Mid-morning we took a train and a ferry ride from Hiroshima to Miyajima island where we spent around seven hours before catching the ferry again after sunset.
The crowds were out and about again today as this is the last weekend of Golden Week. The queues for Itsukushima Shrine were so long when we arrived at high tide, that we wandered up to the Ropeway for a ride up to the top of the island, and a 1.8 kilometre walk back down.
From the Ropeway there were views of the Inland Sea. On the walk down, there were waterfalls, lots of birds and frogs (mostly unseen) and very keen hikers walking UP to the top. Deer roam freely around the island and aren’t averse to opening doors to rubbish bins or nosing around in handbags where they think food might be found.
The area is famous for its oysters, so what are you to do but taste some of the grilled oysters on offer. During the afternoon, we were also compelled to eat a green ice-cream sandwich. Oh, and there may have been some maple leaf shaped tiny cakes with custard cream centres consumed too.
The Great Torii near Itsukushima Shrine is one of the most important cultural structures in Japan. The gate (bird abode) marks the transition between earth and the spirit world.
This is the eighth version, rebuilt in 1875. It stands on its own weight of 60 tons or thereabouts if you want to do the conversion to tonnes. It has two large camphor pillars with the four smaller ones being made of cedar.
When the tide is in, the gate appears to float on the water. When the tide is out, people wander out to get a closer look.
Well, it finally happened. A week ago, I opened up an online shop to sell the cards I’ve been making.
If you’d like to have a browse, you’ll find it over here at Etsy in CardsByLynnAU.
Here’s a sample. If you see something you like, custom made orders are available on the site.
A couple of scratchings from photographs.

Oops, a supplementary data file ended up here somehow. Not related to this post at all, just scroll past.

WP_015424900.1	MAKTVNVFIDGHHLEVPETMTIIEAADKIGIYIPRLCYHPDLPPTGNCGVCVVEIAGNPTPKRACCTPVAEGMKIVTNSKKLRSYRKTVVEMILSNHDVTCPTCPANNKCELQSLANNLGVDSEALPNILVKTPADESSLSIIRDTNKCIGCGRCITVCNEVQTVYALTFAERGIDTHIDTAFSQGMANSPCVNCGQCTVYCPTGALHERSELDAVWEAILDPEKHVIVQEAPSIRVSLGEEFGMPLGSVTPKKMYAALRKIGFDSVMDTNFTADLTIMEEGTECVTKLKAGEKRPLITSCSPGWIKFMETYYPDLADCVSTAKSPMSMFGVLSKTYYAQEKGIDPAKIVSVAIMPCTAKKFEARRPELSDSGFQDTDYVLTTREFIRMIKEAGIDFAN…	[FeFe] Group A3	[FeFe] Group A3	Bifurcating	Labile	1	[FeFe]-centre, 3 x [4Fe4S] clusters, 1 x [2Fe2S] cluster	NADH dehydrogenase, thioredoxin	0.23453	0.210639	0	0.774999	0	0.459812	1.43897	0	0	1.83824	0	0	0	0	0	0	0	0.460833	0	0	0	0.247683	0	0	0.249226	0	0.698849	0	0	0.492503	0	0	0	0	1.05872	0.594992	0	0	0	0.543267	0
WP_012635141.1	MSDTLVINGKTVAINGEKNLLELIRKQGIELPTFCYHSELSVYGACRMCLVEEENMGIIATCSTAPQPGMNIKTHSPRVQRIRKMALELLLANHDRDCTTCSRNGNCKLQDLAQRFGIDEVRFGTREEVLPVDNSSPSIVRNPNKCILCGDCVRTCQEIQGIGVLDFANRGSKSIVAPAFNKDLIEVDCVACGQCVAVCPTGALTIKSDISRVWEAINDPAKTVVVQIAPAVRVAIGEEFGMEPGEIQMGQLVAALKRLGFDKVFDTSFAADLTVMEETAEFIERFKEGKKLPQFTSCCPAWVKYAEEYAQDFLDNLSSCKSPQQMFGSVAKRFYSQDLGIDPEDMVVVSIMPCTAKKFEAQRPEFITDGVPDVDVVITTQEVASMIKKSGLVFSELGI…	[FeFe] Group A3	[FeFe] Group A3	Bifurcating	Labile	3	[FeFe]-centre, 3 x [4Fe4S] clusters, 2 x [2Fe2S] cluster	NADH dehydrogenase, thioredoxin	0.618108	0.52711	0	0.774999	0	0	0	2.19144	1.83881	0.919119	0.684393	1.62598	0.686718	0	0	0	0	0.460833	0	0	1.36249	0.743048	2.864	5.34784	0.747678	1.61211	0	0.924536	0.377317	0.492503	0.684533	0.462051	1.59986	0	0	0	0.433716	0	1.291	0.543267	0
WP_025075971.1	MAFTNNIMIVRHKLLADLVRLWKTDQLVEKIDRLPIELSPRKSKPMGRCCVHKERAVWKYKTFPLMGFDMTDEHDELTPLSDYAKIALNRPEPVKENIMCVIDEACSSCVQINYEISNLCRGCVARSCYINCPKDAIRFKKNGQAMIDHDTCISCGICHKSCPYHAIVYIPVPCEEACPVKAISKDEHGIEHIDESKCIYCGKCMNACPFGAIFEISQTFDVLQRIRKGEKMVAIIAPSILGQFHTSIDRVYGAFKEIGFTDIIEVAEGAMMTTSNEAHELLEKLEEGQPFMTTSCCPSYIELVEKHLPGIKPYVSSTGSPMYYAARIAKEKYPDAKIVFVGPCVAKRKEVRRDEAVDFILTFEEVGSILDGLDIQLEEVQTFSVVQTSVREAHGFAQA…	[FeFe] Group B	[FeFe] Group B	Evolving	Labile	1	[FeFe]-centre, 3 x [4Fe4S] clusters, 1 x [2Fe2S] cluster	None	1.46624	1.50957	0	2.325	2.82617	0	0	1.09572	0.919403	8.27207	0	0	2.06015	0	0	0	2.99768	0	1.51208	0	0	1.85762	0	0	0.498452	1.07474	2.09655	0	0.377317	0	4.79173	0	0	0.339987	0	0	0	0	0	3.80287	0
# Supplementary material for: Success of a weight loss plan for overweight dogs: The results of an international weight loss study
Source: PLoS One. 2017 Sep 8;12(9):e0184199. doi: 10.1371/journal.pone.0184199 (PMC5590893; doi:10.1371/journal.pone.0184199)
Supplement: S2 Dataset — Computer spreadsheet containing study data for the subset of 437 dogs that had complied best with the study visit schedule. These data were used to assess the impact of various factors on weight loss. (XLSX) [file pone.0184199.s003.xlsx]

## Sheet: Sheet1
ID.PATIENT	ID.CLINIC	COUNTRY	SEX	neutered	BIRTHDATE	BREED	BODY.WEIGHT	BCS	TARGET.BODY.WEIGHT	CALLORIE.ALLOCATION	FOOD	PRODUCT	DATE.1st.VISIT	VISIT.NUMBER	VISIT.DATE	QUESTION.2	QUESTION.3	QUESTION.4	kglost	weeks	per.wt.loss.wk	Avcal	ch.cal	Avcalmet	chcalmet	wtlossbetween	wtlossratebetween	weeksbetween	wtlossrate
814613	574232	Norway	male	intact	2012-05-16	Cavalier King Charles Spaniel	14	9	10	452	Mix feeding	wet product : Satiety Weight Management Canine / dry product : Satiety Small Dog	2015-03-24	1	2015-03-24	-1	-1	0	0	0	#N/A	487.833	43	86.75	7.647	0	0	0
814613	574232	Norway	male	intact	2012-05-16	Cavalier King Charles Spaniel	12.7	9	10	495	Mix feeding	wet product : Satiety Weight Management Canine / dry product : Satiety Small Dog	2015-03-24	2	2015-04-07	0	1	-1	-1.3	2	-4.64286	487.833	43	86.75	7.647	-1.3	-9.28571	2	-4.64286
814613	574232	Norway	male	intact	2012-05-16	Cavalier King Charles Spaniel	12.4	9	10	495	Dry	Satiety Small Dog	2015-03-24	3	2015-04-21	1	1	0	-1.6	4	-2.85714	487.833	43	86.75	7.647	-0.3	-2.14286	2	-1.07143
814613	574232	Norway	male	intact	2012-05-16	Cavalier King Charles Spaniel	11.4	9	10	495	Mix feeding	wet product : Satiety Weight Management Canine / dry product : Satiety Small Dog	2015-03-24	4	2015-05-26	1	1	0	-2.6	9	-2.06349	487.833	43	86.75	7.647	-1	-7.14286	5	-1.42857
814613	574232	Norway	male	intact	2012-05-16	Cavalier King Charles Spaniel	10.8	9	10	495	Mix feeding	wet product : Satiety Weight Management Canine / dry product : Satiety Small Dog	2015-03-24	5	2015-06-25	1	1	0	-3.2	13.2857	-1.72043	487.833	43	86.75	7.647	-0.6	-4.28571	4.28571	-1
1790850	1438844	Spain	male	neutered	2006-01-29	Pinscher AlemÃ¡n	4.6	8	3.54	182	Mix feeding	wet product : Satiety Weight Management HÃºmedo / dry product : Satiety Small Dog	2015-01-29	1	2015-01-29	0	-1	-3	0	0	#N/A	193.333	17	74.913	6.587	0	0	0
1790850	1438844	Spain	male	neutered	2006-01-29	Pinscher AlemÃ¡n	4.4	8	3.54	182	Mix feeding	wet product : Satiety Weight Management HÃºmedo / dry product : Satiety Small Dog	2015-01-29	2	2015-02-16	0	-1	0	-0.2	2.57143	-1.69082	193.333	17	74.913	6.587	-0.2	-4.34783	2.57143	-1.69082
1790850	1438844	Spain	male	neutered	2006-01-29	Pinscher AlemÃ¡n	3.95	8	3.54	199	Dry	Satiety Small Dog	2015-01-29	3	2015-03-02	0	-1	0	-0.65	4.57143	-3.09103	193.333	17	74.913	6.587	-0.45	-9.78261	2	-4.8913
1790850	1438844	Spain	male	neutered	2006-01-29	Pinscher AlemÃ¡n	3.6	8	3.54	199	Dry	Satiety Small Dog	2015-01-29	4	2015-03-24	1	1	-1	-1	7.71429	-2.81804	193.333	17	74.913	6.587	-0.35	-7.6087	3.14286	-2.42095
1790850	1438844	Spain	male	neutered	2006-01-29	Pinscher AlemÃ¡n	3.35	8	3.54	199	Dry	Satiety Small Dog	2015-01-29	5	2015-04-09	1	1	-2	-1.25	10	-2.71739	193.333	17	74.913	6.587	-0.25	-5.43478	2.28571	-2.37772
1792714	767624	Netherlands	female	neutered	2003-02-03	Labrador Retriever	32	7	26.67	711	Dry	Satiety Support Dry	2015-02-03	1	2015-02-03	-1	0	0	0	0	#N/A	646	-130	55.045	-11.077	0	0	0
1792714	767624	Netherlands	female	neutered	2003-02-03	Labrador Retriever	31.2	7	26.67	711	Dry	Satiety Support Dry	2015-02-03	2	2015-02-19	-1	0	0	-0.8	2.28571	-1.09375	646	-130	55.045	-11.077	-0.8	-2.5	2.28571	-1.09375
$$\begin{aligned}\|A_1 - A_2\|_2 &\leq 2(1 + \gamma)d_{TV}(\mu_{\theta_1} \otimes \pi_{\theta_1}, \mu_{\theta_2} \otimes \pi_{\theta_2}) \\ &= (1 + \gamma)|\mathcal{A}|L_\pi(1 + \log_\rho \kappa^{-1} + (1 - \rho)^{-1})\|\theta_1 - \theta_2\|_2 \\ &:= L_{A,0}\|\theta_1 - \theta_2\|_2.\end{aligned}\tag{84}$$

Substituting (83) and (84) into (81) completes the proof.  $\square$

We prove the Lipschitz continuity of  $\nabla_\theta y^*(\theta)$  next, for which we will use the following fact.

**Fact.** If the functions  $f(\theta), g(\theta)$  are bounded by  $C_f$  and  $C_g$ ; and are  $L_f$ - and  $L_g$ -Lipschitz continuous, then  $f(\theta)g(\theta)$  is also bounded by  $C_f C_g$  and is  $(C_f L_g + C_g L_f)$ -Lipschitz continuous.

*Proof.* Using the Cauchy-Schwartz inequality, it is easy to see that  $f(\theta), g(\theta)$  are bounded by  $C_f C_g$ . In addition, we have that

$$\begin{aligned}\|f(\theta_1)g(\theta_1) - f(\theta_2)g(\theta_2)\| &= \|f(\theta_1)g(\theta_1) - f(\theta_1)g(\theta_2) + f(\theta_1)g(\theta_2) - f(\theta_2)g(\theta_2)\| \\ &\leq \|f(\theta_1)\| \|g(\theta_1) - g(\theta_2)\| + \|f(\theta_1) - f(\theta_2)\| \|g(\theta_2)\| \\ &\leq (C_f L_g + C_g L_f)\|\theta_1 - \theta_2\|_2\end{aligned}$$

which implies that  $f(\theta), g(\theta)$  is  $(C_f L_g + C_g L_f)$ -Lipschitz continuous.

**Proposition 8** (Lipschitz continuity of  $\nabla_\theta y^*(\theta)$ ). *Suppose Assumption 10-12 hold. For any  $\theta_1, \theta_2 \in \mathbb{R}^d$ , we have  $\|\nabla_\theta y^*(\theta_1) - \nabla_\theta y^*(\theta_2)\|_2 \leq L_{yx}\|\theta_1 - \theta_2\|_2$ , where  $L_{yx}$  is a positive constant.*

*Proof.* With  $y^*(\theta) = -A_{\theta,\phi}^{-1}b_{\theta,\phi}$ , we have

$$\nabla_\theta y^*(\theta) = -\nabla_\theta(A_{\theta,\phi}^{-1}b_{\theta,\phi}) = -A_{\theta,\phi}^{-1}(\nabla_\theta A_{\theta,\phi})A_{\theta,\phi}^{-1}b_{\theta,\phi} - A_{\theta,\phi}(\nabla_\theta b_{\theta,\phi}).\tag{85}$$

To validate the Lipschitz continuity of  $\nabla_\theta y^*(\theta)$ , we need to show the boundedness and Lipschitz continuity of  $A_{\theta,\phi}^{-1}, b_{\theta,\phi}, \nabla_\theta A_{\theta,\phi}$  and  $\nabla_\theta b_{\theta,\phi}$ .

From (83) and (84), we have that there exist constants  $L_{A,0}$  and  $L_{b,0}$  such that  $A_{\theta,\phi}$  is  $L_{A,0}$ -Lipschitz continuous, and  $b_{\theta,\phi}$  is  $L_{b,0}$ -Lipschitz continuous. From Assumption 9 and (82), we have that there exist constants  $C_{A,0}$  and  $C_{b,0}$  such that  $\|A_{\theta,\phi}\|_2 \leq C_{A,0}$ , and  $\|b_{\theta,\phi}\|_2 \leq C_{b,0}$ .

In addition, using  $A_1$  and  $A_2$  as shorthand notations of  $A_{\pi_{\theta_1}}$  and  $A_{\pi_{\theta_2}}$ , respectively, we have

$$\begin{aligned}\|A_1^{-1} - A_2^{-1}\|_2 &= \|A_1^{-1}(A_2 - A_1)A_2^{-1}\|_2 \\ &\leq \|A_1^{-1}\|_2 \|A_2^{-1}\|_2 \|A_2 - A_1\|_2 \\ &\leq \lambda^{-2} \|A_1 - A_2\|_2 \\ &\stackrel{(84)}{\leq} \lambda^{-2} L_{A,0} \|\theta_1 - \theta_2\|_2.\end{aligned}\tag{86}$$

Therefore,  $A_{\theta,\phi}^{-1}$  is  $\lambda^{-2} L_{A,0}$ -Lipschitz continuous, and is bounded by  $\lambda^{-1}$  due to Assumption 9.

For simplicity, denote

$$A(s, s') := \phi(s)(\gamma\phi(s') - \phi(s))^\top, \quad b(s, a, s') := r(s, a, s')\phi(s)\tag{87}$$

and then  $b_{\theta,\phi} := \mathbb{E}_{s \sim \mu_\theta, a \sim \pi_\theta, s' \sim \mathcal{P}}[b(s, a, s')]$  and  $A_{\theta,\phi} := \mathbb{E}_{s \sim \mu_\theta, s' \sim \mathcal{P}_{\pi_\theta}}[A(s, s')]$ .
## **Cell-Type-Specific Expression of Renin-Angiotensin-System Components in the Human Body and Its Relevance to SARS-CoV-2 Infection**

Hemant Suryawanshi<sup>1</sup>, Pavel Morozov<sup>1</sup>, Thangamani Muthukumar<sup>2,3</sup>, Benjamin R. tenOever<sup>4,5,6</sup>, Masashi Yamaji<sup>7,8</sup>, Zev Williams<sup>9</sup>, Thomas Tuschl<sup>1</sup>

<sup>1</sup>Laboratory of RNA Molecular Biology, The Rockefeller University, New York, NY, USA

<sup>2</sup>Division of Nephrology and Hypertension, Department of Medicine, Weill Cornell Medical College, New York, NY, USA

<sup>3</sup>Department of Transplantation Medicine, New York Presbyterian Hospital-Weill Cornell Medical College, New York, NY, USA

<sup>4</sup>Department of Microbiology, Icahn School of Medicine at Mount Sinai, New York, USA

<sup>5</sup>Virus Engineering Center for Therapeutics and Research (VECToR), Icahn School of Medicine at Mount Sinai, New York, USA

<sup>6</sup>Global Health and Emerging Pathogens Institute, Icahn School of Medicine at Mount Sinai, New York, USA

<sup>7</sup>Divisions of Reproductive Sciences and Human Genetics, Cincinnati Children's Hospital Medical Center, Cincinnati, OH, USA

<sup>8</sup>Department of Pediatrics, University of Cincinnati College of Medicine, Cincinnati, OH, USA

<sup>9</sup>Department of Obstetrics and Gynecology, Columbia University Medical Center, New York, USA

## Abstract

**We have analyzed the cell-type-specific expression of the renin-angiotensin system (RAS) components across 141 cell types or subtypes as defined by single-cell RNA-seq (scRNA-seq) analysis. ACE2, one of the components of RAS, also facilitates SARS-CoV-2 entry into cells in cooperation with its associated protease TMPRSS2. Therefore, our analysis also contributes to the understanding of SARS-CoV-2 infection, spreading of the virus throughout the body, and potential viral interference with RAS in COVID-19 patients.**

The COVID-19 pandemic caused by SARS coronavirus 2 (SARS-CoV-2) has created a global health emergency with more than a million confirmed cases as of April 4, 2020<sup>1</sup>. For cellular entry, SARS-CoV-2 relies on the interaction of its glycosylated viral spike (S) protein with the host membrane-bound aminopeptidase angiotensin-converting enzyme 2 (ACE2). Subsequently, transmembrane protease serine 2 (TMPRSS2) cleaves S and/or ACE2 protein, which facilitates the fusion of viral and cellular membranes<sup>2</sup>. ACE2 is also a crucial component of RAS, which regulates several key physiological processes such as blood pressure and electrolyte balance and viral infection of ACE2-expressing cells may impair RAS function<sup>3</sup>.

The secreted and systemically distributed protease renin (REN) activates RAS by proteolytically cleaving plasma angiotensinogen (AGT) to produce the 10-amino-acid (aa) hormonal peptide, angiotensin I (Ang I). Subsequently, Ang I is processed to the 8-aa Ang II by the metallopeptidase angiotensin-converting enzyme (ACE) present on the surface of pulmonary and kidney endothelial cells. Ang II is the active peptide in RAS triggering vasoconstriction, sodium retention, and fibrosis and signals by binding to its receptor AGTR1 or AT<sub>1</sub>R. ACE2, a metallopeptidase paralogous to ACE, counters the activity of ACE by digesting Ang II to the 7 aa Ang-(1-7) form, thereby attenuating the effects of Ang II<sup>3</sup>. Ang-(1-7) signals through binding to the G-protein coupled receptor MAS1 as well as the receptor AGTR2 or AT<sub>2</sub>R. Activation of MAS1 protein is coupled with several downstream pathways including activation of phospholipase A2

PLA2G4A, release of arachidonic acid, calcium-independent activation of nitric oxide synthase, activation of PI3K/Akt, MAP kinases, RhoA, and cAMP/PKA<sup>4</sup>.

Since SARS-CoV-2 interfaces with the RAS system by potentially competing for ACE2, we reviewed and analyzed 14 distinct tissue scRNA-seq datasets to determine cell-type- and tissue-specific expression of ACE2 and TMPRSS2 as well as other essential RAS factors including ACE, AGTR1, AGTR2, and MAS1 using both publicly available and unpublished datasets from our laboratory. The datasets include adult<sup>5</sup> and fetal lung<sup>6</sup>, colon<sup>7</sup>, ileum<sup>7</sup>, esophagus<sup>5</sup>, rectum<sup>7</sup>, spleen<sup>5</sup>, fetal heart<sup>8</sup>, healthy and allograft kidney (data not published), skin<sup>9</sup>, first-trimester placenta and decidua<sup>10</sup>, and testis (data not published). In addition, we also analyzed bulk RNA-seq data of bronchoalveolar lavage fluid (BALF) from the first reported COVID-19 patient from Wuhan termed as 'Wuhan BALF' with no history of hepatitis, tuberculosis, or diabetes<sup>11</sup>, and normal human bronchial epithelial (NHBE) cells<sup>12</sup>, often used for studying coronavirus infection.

I’ve been slowly building up a stock of blank white greeting cards using a mix of linocut prints, cut out drawings, pen and coloured pencil.
By the end of this month, I hope to have a number of card sets (3 per pack) available online for purchase. It will be a test run, and given the amount of time it takes to make them, I’m expecting multiple short runs over time.
In the meantime, we’re off to Malaysia for two weeks, so where there’s wifi there will be daily posts and pics of our travels.
At it again, using photographs as the basis for getting dusty. I went a bit further today, deciding to add a touch of pastel colour, just to see what happened.
I’ve been wanting to get back to some drawing play and the kindest medium I know is willow charcoal. Why? Because it’s easily erased, is good for finger play and enables you to use an eraser for contrast.
Today’s attempt does bear some resemblance to the photograph. But in a sense, that doesn’t matter. What happens when you’re working with something like this is your brain gets to open up to other possibilities. It’s relaxing. And it’s also fun to get a bit messy.
It may be a messy medium, but charcoal is wonderful to work with when you’re learning. I love something that encourages you to make mistakes over and over again.
Hot off yesterday’s workshop and the invitation to experiment, I grabbed what was to hand this morning – mere butchers paper – and had a play. First, the big agave in the garden, then revisiting one of the Sydney life drawing pieces.
A great opportunity presented itself today in the form of a drawing workshop (my first) at the ignite redlands light arts festival in Cleveland.
Artist Leigh Camilleri was our teacher and charcoal was the forgiving and filthy medium.
We began with tentative first drawings of our model. Then contour drawings (no peeking now!). Each step of the way, Leigh shared her considerable knowledge and dared us to be brave.
I loved working with the charcoal. The eraser and my hands became part of the play as we worked and reworked the final drawing (see the last two images) as a whole and in segments.
I learned so much in such a short time and will happily head back to the classroom later in the year after our big road trip which is approaching fast.
thinking a transition to finer and lighter pencils might improve the result for objects like these in the future